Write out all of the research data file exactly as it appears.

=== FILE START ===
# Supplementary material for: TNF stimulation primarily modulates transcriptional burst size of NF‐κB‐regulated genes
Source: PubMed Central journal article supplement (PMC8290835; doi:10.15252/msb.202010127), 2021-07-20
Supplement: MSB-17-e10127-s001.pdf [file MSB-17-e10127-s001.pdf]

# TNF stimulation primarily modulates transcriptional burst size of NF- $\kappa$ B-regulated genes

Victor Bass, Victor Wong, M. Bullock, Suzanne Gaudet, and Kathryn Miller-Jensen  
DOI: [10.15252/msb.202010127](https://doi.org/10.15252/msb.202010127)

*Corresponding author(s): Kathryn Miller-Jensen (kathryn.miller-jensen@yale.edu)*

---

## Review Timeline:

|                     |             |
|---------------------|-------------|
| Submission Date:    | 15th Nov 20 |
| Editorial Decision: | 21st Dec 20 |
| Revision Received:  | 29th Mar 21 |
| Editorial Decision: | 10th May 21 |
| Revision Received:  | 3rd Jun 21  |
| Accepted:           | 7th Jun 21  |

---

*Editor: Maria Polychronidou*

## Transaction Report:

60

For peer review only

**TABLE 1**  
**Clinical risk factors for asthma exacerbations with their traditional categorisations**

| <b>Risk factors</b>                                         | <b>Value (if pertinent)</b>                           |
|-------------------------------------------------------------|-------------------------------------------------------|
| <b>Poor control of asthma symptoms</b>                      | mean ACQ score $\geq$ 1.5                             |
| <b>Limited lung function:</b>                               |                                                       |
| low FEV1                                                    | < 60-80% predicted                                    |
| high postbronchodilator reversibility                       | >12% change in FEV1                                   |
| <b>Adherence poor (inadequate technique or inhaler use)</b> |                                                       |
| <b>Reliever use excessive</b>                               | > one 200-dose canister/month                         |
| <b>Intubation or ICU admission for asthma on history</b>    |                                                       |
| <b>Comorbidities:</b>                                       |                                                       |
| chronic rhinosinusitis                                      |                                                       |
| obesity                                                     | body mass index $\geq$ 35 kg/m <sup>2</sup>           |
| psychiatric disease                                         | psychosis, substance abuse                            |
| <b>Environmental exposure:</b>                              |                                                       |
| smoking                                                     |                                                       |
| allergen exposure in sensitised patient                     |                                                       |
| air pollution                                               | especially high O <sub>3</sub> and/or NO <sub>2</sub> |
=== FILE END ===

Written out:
# Supplementary material for: TNF stimulation primarily modulates transcriptional burst size of NF‐κB‐regulated genes
Source: PubMed Central journal article supplement (PMC8290835; doi:10.15252/msb.202010127), 2021-07-20
Supplement: MSB-17-e10127-s001.pdf [file MSB-17-e10127-s001.pdf]

# TNF stimulation primarily modulates transcriptional burst size of NF- $\kappa$ B-regulated genes

Victor Bass, Victor Wong, M. Bullock, Suzanne Gaudet, and Kathryn Miller-Jensen  
DOI: [10.15252/msb.202010127](https://doi.org/10.15252/msb.202010127)

*Corresponding author(s): Kathryn Miller-Jensen (kathryn.miller-jensen@yale.edu)*

---

## Review Timeline:

|                     |             |
|---------------------|-------------|
| Submission Date:    | 15th Nov 20 |
| Editorial Decision: | 21st Dec 20 |
| Revision Received:  | 29th Mar 21 |
| Editorial Decision: | 10th May 21 |
| Revision Received:  | 3rd Jun 21  |
| Accepted:           | 7th Jun 21  |

---

*Editor: Maria Polychronidou*

## Transaction Report:

60

For peer review only

**TABLE 1**  
**Clinical risk factors for asthma exacerbations with their traditional categorisations**

| <b>Risk factors</b>                                         | <b>Value (if pertinent)</b>                           |
|-------------------------------------------------------------|-------------------------------------------------------|
| <b>Poor control of asthma symptoms</b>                      | mean ACQ score $\geq$ 1.5                             |
| <b>Limited lung function:</b>                               |                                                       |
| low FEV1                                                    | < 60-80% predicted                                    |
| high postbronchodilator reversibility                       | >12% change in FEV1                                   |
| <b>Adherence poor (inadequate technique or inhaler use)</b> |                                                       |
| <b>Reliever use excessive</b>                               | > one 200-dose canister/month                         |
| <b>Intubation or ICU admission for asthma on history</b>    |                                                       |
| <b>Comorbidities:</b>                                       |                                                       |
| chronic rhinosinusitis                                      |                                                       |
| obesity                                                     | body mass index $\geq$ 35 kg/m <sup>2</sup>           |
| psychiatric disease                                         | psychosis, substance abuse                            |
| <b>Environmental exposure:</b>                              |                                                       |
| smoking                                                     |                                                       |
| allergen exposure in sensitised patient                     |                                                       |
| air pollution                                               | especially high O <sub>3</sub> and/or NO <sub>2</sub> |